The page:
Remember that feeling when you first started listening to music, and it was all so strange and mysterious, as you wondered how they made those sounds or what those lyrics meant?
Try to create that feeling for your audience.
Don’t be so plain or obvious that there’s nothing left to wonder. But don’t be so cryptic that they give up.
Give just enough to make them curious. Let them search for explanations, details, clues, or context.
Use obscure references in your lyrics. Produce unusual sounds in your recording. Make strange images in your photos and videos.
Keith Richards, of the Rolling Stones, said he tried to write lyrics that were like listening in to someone else’s phone conversation — where you don’t know the context and don’t understand the references, so it draws you in deeper, trying to understand. His technique for this was to write down everything he wanted to say, then cross out every other line, and write the song using only what’s left.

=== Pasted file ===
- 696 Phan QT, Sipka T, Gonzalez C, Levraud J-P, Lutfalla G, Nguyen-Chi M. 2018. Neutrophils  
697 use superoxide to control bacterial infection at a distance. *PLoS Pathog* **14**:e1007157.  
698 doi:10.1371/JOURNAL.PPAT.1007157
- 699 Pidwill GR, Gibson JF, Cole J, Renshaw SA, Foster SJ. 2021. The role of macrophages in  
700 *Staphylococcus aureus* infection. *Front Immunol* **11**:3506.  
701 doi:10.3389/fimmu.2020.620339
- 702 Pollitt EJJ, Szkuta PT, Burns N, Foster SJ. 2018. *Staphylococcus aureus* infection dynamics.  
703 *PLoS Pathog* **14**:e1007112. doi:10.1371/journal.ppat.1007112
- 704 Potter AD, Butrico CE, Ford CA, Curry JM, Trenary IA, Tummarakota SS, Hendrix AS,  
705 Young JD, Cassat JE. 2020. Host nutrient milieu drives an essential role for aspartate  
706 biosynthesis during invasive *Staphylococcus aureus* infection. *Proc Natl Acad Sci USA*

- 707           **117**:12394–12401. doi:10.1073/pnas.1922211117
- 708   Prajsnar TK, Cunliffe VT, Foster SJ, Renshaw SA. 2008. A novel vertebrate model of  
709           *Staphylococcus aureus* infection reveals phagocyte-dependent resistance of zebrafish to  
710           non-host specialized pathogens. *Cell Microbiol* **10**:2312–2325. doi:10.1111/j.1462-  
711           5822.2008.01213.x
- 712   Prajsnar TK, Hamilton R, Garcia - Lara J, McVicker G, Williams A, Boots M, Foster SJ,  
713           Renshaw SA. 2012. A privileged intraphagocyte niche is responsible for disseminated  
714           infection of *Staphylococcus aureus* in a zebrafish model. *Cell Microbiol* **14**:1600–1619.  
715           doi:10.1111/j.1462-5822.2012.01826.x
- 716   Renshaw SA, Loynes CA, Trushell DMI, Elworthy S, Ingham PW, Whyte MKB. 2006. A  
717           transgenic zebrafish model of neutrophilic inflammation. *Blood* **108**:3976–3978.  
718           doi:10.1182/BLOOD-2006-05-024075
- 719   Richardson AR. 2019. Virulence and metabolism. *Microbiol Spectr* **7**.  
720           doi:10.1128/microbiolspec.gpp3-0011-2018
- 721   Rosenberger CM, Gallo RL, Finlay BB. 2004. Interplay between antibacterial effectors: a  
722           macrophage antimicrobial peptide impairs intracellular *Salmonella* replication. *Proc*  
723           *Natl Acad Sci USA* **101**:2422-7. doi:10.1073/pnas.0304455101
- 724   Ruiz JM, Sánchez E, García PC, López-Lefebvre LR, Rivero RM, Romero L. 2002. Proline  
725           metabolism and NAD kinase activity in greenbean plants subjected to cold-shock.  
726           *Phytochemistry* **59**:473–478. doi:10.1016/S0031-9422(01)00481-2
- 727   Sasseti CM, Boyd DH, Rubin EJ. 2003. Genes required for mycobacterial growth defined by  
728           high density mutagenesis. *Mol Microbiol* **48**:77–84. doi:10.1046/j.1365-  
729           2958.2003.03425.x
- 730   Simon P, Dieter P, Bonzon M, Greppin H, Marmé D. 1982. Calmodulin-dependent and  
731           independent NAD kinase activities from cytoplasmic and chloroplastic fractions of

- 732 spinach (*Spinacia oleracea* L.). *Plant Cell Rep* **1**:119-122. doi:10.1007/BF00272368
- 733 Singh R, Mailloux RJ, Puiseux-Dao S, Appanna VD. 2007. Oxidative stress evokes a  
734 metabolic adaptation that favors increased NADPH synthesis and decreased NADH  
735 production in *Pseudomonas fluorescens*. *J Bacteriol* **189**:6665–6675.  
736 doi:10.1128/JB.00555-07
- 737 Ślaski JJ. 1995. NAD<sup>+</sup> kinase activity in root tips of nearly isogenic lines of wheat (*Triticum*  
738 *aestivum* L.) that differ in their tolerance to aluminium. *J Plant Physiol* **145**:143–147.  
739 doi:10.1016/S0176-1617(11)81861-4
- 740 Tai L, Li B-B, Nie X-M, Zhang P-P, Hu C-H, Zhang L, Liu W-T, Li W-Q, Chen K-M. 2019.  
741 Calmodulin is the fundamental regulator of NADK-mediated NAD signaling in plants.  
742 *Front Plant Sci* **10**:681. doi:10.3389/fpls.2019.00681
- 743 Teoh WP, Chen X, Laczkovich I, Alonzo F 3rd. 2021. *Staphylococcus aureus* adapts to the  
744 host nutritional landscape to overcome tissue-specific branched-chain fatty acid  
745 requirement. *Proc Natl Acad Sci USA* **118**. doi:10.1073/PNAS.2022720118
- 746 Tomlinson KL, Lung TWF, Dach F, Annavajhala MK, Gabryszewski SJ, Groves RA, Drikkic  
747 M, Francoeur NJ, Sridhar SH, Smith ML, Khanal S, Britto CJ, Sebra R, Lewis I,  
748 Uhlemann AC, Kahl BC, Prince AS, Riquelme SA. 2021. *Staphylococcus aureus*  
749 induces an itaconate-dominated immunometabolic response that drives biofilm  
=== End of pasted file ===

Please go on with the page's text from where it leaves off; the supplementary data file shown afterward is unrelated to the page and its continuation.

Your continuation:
Maybe due to social media, artists are less mysterious than ever. It’s kind of sad to have everything so transparent. Once something is explained, it stops captivating your curiosity.
There was an interesting psychology experiment. Many people were given a trivial quiz. Before they began, they could choose what reward to receive when finished: either the answers to the quiz, or a chocolate bar. Almost everyone chose the chocolate bar. But after taking the quiz, they were given one last chance to choose their reward: either the answers to the quiz, or a chocolate bar. Almost everyone changed their mind, and now preferred to know the answers.
Once people start wondering, they can’t stand not knowing.
Make mystery in and around your music.